Skip to main content
Tulane Home

MPS in Cuba

After another amazing trip to Cuba, Master of Preservation Studies students and faculty leaders are readjusting and remembering the sites, discoveries, and conversations of last week. Below is a brief synopsis and photos of their extraordinary trip. 

"The Tulane Master of Preservation Studies course in International Practice visited Cienfuegos, Trinidad and Havana in late March 2017 to learn about the operation of Cuba's UNESCO World Heritage Cities. Led in partnership with Tulane's Cuban Studies department and members of ICOMOS Cuba, the 9-day study trip entailed site visits, lectures, interviews and field research. Topics addressed aspects of architectural heritage conservation including tourism management, infrastructure needs, site interpretation and community involvement.  Two round tables with our hosts allowed a sharing of ideas and suggestions that could be applied in both Cuba and the United States."

MPS in Cuba 2017

- JH Stubbs Director, MPS 

Find out more about our Master of Preservation Studies here. Also, follow the MPS program on Facebook and Instagram.

 

Historic preservation work in New Orleans helps bring boost to economy

Tulane Master of Preservation Studies and LSU Landscape Architecture students show numerous possibilities for saving Carrollton Courthouse at public gathering.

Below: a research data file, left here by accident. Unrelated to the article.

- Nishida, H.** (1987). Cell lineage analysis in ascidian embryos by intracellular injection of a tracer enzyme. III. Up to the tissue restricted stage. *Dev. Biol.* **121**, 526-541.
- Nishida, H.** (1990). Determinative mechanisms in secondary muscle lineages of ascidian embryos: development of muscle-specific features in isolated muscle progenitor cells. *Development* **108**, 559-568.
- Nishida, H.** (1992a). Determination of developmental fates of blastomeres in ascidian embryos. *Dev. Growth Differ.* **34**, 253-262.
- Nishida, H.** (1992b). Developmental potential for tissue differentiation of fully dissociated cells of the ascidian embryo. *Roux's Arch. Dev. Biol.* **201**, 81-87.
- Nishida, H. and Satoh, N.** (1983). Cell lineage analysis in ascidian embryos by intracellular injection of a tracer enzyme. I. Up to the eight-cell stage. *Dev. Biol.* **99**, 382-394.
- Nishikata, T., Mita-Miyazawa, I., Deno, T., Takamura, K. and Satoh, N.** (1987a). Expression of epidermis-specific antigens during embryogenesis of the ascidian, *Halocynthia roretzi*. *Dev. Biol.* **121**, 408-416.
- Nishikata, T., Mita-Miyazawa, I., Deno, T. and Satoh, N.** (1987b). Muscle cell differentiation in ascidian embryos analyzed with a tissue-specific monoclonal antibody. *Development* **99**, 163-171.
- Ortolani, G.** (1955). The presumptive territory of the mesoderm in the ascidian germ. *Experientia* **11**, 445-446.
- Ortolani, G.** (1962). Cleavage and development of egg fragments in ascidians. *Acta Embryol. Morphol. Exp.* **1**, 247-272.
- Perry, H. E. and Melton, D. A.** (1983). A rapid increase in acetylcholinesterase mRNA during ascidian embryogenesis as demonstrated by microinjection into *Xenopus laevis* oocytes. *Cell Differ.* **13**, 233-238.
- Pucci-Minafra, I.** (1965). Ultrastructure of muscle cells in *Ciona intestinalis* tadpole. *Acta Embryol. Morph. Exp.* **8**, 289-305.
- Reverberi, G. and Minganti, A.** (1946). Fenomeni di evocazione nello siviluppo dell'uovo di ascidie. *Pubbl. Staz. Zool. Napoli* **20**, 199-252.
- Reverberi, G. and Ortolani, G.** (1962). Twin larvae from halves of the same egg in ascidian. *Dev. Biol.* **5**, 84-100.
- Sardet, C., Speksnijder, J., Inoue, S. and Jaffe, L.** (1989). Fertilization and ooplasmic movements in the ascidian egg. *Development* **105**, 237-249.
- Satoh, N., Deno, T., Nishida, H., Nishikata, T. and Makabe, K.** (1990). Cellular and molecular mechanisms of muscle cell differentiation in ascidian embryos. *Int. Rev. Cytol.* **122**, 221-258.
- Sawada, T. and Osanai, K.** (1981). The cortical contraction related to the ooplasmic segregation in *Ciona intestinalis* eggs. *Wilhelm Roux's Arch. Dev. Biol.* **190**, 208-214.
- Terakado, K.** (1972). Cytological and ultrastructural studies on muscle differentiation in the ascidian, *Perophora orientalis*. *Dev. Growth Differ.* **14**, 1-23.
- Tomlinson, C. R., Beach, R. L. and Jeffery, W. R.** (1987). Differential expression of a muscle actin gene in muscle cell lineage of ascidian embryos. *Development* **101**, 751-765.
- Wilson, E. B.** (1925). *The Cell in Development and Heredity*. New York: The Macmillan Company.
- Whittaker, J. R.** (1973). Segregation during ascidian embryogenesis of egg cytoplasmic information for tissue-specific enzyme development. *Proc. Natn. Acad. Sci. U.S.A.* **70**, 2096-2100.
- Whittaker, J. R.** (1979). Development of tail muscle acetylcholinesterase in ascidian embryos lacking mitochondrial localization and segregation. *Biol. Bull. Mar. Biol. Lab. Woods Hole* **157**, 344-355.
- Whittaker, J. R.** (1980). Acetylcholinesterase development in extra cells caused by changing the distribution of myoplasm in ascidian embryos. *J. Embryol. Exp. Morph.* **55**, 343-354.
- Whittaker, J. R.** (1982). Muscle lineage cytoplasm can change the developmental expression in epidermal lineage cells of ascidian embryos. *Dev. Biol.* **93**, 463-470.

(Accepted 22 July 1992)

Possible futures for the vacant Carrollton Courthouse include a school for building trades, a community gathering place or an event venue, according to a series of visions presented by Tulane architecture students on Thursday evening, but time is running short before the Orleans Parish School Board decides to sell the historic building.

The courthouse was built in 1855 by prolific New Orleans architect Henry Howard in the Greek Revival style, drawing its inspiration directly from the ancient temple of Erechtheion in Athens, built circa 400 B.C., according to research compiled by students in the Tulane School of Architecture building preservation studio. It served as a courthouse for 20 years — with a jail building behind it — then spent more than a century as the home for various schools, McDonogh No. 23, Ben Franklin High School, Lusher Middle School and most recently Audubon Charter.

Audubon Charter left the building in 2013 as the aging structure and decrepit portable outbuildings deteriorated, leaving the Orleans Parish School Board with the difficult decision of what to do with it and annual bills of around $100,000 to keep it insured and minimally maintained. Amid outcry from neighborhood activists and designation of the building as one of “America’s 11 Most Endangered Historic Places,” Orleans school officials agreed to postpone any decision about its fate for more research, including consideration by the Tulane architecture students.